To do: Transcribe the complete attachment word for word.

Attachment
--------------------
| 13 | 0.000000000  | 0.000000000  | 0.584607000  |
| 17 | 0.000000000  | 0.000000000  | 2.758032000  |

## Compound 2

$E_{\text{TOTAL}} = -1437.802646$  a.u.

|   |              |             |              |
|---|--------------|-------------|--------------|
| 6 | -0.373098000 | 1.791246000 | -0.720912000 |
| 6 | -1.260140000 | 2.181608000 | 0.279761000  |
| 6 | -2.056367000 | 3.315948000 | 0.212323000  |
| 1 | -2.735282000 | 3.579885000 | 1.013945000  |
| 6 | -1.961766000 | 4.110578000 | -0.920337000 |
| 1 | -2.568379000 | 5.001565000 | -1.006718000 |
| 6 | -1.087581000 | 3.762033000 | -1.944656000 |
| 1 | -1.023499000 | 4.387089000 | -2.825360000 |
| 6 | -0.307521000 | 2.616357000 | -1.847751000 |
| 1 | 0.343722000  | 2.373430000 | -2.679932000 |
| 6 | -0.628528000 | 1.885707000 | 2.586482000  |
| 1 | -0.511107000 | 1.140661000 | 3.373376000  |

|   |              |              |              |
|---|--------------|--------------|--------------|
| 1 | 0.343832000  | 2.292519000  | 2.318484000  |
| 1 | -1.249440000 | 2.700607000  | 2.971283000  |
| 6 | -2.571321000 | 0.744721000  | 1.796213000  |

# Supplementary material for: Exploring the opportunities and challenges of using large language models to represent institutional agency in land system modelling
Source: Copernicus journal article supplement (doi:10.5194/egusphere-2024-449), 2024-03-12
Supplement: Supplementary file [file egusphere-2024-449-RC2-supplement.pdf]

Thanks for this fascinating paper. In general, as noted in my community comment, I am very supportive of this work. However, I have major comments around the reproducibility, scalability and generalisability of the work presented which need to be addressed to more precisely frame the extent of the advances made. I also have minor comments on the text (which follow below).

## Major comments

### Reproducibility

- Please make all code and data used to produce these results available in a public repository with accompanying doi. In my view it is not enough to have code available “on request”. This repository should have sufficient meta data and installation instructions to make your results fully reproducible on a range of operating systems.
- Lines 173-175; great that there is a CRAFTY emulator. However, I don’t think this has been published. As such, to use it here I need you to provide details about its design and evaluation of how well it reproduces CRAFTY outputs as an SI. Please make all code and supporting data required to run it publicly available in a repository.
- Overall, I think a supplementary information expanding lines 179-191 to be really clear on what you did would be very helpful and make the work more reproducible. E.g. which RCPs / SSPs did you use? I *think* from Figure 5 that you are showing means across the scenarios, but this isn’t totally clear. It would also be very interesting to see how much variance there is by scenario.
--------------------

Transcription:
| 13 | 0.000000000  | 0.000000000  | 0.584607000  |
| 17 | 0.000000000  | 0.000000000  | 2.758032000  |

## Compound 2

$E_{\text{TOTAL}} = -1437.802646$  a.u.

|   |              |             |              |
|---|--------------|-------------|--------------|
| 6 | -0.373098000 | 1.791246000 | -0.720912000 |
| 6 | -1.260140000 | 2.181608000 | 0.279761000  |
| 6 | -2.056367000 | 3.315948000 | 0.212323000  |
| 1 | -2.735282000 | 3.579885000 | 1.013945000  |
| 6 | -1.961766000 | 4.110578000 | -0.920337000 |
| 1 | -2.568379000 | 5.001565000 | -1.006718000 |
| 6 | -1.087581000 | 3.762033000 | -1.944656000 |
| 1 | -1.023499000 | 4.387089000 | -2.825360000 |
| 6 | -0.307521000 | 2.616357000 | -1.847751000 |
| 1 | 0.343722000  | 2.373430000 | -2.679932000 |
| 6 | -0.628528000 | 1.885707000 | 2.586482000  |
| 1 | -0.511107000 | 1.140661000 | 3.373376000  |

|   |              |              |              |
|---|--------------|--------------|--------------|
| 1 | 0.343832000  | 2.292519000  | 2.318484000  |
| 1 | -1.249440000 | 2.700607000  | 2.971283000  |
| 6 | -2.571321000 | 0.744721000  | 1.796213000  |

# Supplementary material for: Exploring the opportunities and challenges of using large language models to represent institutional agency in land system modelling
Source: Copernicus journal article supplement (doi:10.5194/egusphere-2024-449), 2024-03-12
Supplement: Supplementary file [file egusphere-2024-449-RC2-supplement.pdf]

Thanks for this fascinating paper. In general, as noted in my community comment, I am very supportive of this work. However, I have major comments around the reproducibility, scalability and generalisability of the work presented which need to be addressed to more precisely frame the extent of the advances made. I also have minor comments on the text (which follow below).

## Major comments

### Reproducibility

- Please make all code and data used to produce these results available in a public repository with accompanying doi. In my view it is not enough to have code available “on request”. This repository should have sufficient meta data and installation instructions to make your results fully reproducible on a range of operating systems.
- Lines 173-175; great that there is a CRAFTY emulator. However, I don’t think this has been published. As such, to use it here I need you to provide details about its design and evaluation of how well it reproduces CRAFTY outputs as an SI. Please make all code and supporting data required to run it publicly available in a repository.
- Overall, I think a supplementary information expanding lines 179-191 to be really clear on what you did would be very helpful and make the work more reproducible. E.g. which RCPs / SSPs did you use? I *think* from Figure 5 that you are showing means across the scenarios, but this isn’t totally clear. It would also be very interesting to see how much variance there is by scenario.